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A weekend in a day

Today was an absolutely stunning day outside, and we went to the mall.  Well, first I took a walk and he hit some balls in the batting cage and I sat on the porch and worked a bit, but then we did go into the climate controlled craziness of a mall.  Mythankfulboy is as hot-natured as I am, and he is growin’ like a weed, so he needed shorts.  And a few tank tops.  It was fine.  We don’t live especially close to a mall, so there was a drive involved.  We listened to Prince and he commented that players in his current favorite Xbox game, Destiny, had all made their body armour purple in tribute.  Cool.

Watching as B carefully made choices about clothes to avoid asking for too much, I remembered something that he said recently that I wanted to be sure to get down in this diary about gratitude.  Another mom and I were talking in front of him about how the teen years are often filled with reactions of the eye-rolling and generally put-out sort.  He said he didn’t think he really did that, and I agreed, rubbing his head affectionately.  I’m forgetting exactly what he said next that was so perfectly happy, but he said something to the effect of, “I don’t really have anything to be upset about!”  Warms a momma’s heart.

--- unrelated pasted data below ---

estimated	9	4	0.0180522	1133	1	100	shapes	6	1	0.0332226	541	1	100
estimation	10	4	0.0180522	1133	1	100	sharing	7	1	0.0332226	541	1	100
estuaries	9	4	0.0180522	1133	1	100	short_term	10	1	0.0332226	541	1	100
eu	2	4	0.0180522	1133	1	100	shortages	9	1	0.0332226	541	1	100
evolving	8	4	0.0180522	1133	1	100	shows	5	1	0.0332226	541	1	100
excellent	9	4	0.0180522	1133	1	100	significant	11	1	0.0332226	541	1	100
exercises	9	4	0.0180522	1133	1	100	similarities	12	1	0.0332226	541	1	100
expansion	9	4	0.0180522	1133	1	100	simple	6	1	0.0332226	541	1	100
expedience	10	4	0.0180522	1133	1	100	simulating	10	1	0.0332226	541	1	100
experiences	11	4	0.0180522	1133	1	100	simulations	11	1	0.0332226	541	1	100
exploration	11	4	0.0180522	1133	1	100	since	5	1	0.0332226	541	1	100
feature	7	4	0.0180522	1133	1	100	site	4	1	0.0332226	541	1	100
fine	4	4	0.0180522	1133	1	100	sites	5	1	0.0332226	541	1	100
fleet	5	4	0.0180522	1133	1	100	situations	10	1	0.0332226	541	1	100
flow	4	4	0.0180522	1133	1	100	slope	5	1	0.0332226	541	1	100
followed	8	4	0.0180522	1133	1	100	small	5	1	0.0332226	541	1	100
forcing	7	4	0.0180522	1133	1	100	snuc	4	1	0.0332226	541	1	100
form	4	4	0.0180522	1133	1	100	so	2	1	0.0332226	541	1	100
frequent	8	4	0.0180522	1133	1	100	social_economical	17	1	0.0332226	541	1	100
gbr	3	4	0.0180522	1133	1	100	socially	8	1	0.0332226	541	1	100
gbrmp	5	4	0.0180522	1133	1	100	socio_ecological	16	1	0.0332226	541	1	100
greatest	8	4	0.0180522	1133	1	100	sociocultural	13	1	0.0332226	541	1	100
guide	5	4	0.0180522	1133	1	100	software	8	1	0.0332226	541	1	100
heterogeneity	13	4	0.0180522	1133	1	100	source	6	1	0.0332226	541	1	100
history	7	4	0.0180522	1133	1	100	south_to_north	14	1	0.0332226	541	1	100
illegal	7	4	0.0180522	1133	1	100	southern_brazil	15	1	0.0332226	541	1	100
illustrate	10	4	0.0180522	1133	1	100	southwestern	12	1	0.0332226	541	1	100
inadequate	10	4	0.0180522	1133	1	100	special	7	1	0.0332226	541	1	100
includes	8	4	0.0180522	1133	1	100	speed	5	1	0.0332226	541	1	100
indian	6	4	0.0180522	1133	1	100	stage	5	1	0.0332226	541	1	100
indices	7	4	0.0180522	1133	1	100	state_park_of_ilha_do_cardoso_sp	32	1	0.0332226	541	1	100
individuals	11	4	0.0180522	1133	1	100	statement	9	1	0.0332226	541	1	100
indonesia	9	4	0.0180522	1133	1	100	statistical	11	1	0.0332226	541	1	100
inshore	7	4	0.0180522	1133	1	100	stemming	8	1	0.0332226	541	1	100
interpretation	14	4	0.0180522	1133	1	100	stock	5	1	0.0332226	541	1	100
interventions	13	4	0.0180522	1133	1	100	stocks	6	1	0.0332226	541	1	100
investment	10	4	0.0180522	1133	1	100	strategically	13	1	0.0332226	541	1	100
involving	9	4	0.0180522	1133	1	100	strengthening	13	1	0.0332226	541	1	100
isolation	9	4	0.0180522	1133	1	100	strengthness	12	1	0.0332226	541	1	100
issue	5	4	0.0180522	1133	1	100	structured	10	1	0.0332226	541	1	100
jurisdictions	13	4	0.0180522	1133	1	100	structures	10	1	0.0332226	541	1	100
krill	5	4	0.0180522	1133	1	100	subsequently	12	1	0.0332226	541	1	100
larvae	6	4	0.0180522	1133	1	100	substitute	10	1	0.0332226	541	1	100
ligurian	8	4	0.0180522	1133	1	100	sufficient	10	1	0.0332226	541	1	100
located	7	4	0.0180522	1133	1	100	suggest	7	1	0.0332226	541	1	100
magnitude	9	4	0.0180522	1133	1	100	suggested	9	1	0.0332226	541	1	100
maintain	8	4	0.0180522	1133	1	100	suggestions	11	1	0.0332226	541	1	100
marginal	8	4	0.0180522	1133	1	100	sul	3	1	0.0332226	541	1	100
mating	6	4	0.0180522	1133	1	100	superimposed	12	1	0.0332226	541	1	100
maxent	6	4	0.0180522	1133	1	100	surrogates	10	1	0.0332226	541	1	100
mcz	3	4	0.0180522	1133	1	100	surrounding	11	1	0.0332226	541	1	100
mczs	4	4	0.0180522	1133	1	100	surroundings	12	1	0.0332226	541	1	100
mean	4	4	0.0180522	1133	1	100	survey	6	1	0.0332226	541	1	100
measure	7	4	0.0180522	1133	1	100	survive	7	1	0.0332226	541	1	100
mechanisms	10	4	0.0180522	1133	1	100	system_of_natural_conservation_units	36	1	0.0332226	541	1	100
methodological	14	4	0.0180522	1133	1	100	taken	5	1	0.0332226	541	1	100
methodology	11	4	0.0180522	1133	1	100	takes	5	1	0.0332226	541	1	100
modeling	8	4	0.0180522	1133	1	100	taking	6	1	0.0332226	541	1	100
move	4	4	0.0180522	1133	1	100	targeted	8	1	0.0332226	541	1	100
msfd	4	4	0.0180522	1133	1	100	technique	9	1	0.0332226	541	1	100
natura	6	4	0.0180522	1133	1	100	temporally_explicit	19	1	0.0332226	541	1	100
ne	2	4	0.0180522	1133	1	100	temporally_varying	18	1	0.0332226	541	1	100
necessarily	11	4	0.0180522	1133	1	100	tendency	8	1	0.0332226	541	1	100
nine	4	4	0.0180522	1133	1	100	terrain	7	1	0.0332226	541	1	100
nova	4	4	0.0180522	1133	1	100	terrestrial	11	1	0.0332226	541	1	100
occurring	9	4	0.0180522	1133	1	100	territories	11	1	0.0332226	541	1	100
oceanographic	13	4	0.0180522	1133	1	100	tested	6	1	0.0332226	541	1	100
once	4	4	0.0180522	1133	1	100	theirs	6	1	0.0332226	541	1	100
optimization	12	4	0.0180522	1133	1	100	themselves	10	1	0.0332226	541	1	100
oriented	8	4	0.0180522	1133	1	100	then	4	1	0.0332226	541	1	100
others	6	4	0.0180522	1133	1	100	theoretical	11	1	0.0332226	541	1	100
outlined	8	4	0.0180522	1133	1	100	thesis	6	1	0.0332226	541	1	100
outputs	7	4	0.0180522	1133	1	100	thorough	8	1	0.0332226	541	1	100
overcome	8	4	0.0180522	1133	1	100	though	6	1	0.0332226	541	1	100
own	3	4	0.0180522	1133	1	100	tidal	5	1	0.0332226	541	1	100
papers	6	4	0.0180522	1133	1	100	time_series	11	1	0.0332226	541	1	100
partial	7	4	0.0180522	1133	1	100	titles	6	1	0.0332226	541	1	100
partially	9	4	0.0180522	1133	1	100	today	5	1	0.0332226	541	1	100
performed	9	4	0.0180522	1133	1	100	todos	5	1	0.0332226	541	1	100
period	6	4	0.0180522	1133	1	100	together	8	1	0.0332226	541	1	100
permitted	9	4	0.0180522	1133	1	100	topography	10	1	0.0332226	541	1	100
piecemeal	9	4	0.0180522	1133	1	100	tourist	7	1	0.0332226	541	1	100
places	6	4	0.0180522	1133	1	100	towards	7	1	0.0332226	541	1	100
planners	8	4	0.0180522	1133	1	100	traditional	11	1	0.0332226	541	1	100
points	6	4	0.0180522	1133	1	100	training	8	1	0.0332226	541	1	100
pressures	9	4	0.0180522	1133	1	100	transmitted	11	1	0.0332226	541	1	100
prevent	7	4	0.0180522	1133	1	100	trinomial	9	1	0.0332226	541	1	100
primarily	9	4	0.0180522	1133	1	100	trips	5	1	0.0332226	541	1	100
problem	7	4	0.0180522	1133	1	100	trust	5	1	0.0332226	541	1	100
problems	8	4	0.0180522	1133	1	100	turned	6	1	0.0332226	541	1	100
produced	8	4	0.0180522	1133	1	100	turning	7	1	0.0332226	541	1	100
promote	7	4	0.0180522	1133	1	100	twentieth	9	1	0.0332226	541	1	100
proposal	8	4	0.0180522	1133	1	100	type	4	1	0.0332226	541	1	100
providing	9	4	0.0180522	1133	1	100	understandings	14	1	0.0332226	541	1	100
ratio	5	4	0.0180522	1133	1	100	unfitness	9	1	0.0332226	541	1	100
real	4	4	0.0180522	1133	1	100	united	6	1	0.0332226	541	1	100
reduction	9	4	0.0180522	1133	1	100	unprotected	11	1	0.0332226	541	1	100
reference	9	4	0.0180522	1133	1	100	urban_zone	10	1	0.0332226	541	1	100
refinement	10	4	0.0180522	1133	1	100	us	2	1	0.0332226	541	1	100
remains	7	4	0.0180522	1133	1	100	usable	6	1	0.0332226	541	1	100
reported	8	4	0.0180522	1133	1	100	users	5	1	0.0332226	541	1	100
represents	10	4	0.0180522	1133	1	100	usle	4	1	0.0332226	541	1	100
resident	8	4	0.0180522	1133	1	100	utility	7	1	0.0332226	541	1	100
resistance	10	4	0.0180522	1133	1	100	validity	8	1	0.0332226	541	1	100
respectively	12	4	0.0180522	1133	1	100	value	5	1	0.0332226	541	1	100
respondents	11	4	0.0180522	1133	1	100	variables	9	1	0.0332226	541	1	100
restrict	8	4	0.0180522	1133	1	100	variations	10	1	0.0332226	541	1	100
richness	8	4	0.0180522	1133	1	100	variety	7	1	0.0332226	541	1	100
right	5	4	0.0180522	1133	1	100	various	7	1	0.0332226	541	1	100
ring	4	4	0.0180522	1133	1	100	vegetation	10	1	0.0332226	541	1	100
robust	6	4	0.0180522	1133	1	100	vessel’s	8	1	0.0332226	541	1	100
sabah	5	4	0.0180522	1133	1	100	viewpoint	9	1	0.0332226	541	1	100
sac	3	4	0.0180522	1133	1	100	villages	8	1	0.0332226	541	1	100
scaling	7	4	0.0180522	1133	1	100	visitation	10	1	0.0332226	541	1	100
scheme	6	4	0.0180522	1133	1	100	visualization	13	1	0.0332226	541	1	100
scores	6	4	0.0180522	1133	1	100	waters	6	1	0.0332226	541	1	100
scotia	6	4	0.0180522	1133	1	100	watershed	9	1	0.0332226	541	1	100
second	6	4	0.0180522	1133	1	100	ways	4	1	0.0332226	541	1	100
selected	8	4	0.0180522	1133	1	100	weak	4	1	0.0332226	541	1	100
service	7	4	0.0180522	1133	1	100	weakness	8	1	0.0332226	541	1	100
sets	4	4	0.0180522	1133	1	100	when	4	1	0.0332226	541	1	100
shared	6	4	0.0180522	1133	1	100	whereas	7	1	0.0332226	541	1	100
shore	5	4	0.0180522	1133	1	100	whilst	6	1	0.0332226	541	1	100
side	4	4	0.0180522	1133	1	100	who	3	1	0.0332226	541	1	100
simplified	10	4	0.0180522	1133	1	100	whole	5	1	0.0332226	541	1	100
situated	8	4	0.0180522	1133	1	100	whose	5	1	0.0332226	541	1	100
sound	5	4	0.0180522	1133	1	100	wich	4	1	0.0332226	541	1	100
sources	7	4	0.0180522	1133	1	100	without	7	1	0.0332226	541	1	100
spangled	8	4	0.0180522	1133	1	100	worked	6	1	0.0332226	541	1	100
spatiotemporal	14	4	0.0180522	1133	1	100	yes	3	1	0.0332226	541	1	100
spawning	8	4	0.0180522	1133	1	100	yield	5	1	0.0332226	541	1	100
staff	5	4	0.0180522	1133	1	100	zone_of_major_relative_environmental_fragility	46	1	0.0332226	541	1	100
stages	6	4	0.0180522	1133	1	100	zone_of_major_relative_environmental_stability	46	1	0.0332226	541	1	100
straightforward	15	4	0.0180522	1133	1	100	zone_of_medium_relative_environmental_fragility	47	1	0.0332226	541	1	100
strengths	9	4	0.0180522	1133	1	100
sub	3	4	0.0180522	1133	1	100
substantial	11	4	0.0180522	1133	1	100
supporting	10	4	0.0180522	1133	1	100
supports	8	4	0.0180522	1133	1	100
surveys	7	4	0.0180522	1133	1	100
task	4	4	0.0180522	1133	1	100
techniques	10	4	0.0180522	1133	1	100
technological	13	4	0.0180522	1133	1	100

In baseball news, B’s school ball team won their second game, this time only by one run – a much more satisfying win.  He had an awesome hit to right field that the outfielder watched sail right over his head.  B did make a big mistake at a different time when he was on first, though, which was kinda funny, because it was classic B.  The coach had told him to get himself into a “pickle” between 1st and 2nd bases (where you try to steal and get stuck between bases with the ball being thrown back and forth over you until someone can tag you) so that his teammate on 3rd could steal home without anyone noticing.  B headed into the steal and then forgot to turn and run back (to extend his time in the pickle), and, instead, barrelled into the second baseman.  Honestly, I can’t remember now if the guy on third made it home or not, and, at the time it just looked like B got a late start from first if he was trying to steal, which caused a grandparent of another player (sitting right next to me in the stands)  to comment angrily that B needed to learn how to steal a base if he was going to try at all.  I thought the whole thing seemed odd, but I didn’t know what had actually happened until B explained it to me in the car on the way home.  Oh well.  When he told me about it, he was over it, laughing a bit.